The NSR has endured the same mythological status as a possible strategic game-changer.  In a comparative absence of multilateral agreements to the NWP, sovereignty over the NSR is generally discussed more in terms of precedence, in particular the Corfu Channel Case of 1949, and that decision’s ratification in the International Law Commission’s 1950s approach to international straits in territorial zones.  In these judgments it was considered that functional use of the waterway for international shipping was necessary for definition as an international strait, and it can be argued that this criterion is not yet met in the case of either the NWP or the NSR.  While Russian state-owned enterprises are very active along the Siberian Coast, The Arctic Marine Shipping Assessment (AMSA) considers that regular international transit shipping may not occur in the NSR until 2025 (Ho 2010).  Ho asserts that no non-Russian ships had even followed the Siberian Coast route through the NSR prior to 2002.  Russia has asserted sovereignty over the NSR with perhaps more recognition than Canada has over the NWP, due principally to its capabilities for functional use in the area.  Parallels can also be drawn between Canada and Russia’s issuing of permits as a means of seeking sovereign recognition – for shipping transit in the NWP, and for icebreaker accompaniment in the NSR – and the British issuance of whaling licenses in the Antarctic in 1908 as described by Dodds (2008), although this was successfully legitimised.

Overall, it can be said that the conflict over sovereignty in both the NWP and NSR is based on the same security-based geopolitical imaginaries; both Canada and Russia are concerned with protecting homeland security by asserting control over these passages, and the U.S. in particular fears having its security and economic hegemony compromised by regulation of transit routes.  The passages in this context are imagined as military space.  The implications of the scripts resulting from these imaginaries are currently minor; however, this is only because there is no imminent risk of a naval war that the United States, Canada or Russia might become involved in.  If these circumstances changed for the worse – and the current situation in Crimea may inflame tensions – simple disagreement over the terms of multilateral conventions could evolve into assertions of military force, particularly considering the vulnerability of both the United States and Russia to one another through the Arctic passages.

While it is related to the security-based imaginary of the NWP and NSR, an economic imaginary is also significant.  In terms of this imaginary, there are more differences between the two passages than there are similarities.  The practical challenges of Arctic shipping are reasonably prohibitive.  This is more true concerning the NWP for one salient reason; a lack of infrastructure and icebreaking support (Lasserre and Pelletier 2011).  Canada has little to invest in resource extraction compared to Russia, which has already built a strong state energy industry on which the European Union relies.  While risks posed by icebergs and surface freezing apply in the NSR as they do in the NWP, any ship running into problems in ‘Russian’ waters can expect aid from their escort, and a safe berth nearby at one of the Siberian Coast ports.  This factor, along with Russia’s already extensive extraction operations in the NSR, has contributed to the much advanced development of geopolitical imaginaries of the NSR as a resource-rich natural environment to be exploited, as compared to the NWP.  Russia’s work in encouraging this imaginary will have heavy implications if shipping becomes established through the NSR.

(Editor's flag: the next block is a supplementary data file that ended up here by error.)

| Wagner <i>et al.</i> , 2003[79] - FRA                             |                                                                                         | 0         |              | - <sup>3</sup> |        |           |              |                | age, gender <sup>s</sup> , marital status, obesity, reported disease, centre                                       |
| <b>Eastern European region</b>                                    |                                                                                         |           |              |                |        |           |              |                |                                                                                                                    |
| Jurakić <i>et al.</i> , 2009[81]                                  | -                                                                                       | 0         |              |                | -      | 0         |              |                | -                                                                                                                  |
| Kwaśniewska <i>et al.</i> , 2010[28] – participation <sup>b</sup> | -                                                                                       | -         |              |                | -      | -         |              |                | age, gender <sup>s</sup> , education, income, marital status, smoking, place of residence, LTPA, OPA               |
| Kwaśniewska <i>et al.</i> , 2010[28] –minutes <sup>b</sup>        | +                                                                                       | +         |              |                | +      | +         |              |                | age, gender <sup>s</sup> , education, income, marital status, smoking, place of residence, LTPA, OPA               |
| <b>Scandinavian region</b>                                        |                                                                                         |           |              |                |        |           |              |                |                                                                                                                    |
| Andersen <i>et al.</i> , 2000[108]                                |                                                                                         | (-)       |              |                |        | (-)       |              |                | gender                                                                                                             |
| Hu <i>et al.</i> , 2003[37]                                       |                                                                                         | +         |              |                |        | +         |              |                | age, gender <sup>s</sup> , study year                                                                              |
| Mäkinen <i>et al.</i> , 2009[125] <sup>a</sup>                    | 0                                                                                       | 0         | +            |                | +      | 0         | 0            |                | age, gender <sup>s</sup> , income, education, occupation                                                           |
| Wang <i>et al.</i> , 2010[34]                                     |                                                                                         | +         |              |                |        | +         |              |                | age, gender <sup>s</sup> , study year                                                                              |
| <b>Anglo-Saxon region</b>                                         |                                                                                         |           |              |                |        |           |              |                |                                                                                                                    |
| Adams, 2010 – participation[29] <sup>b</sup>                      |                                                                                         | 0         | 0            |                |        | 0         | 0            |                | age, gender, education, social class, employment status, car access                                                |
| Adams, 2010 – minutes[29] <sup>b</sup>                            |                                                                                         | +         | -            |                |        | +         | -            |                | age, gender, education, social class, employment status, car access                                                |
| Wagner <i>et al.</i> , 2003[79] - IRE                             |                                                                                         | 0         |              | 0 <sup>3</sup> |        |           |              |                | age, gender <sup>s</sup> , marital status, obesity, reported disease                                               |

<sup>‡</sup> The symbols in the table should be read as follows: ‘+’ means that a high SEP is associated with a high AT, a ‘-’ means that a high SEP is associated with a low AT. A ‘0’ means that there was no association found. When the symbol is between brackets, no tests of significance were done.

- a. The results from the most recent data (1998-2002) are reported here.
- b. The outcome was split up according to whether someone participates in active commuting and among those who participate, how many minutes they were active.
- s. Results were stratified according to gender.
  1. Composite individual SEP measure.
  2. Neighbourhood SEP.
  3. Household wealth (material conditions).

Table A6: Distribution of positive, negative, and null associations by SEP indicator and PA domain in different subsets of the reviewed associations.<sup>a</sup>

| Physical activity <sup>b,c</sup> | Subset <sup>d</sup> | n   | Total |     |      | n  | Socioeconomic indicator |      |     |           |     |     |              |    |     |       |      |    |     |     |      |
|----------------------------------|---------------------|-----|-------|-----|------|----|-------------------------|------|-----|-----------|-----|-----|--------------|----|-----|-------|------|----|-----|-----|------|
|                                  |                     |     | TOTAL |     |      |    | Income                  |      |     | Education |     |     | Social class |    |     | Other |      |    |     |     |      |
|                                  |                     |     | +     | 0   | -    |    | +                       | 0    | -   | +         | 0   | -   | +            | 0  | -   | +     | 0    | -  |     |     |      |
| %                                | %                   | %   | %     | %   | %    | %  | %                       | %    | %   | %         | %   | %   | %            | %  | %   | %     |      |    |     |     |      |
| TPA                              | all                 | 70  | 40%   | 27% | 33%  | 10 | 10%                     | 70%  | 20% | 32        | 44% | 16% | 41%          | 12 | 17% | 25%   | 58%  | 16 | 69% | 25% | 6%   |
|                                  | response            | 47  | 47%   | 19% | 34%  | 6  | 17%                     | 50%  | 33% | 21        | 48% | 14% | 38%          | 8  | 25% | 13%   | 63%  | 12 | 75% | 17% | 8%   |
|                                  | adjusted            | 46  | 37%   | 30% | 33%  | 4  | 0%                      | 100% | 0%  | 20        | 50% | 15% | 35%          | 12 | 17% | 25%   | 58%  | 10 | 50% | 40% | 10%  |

Ho and Lasserre and Pelletier are in agreement that for the immediate future, Arctic shipping is not viable.  Lasserre and Pelletier’s study found that most companies out of 98 surveyed were not particularly interested in expanding operations into the Arctic on a large scale.  Difficulties for private corporations are related mainly to a very large upfront investment with a dubious likelihood of return.  Reasons cited include the ice-strengthened ships necessary for insurance requirements in Arctic waters; these are inefficient in warmer waters because they are not as hydrodynamic as regular shipping vessels and therefore have a higher cost of fuel per kilometre.  Aside from this, insurance premiums in general for Arctic operations are enormous.  Added to this is the unreliability of ice cover from year to year, despite established warming.  Far more companies involved in destination/bulk shipping indicated interest in expanding Arctic operations, compared to container shipping companies.  Lasserre and Pelletier’s explanation for this is based in the essential nature of timing and schedules in the container shipping industry, which operates on a roll-on, roll-off premise.  Reliability of transit routes is of the utmost importance; this is in contrast to local destinational contracts for the bulk industry.  In general, the study concludes – like Ho’s analysis – that the shipping industry will not be thoroughly interested in operations in the NWP and NSR until infrastructure and shipping technology becomes accessible enough to negate the extra costs of investing in this market.  This will likely occur more quickly in the NSR due to Russian investment and promotion.  The NWP, on the other hand, will probably not become a viable route until ice-free Summers can be guaranteed.  Discrepancy between the routes illustrates the influence that geopolitical imaginaries fostered by particular states can have on economic action.

Implications of a shift in established maritime trade routes could be very serious for smaller economies such as New Zealand, as secondary routes are more expensive to ship along, and consumers along these routes must pay inflated prices for goods.  Environmental implications would not simply be limited to oil spills, but would include the impact of construction on the purity of Arctic ice and water, which may have unpredictable effects on native species and indigenous people.  And, of course, relating to the aforementioned security-based imaginary, economic expansion into the Arctic could have military consequences as multiple nations seek sovereignty over profitable areas.

It is clear that geopolitical imaginaries have scripted behaviour of both states and private organisations in regard to both the Northwest Passage and the Northern Sea Route.  These two routes share many aspects of a security-based, classical geopolitical imaginary, being important transit routes that serve as a dual vulnerability between Russia and the United States. The U.S. refutes these claims in its historical ambition for global military hegemony.  Economically, the passages exhibit more difference, with much greater private interest in the NSR as opposed to the NWP; this can be credited to the fostering of a resource-based imaginary by Russia.  Serious implications of these imaginaries have not been seen yet, due to the persisting unreliability and danger of both routes.  However, AMSA’s prediction of 2025 may be the year that military and economic concerns become more immediate.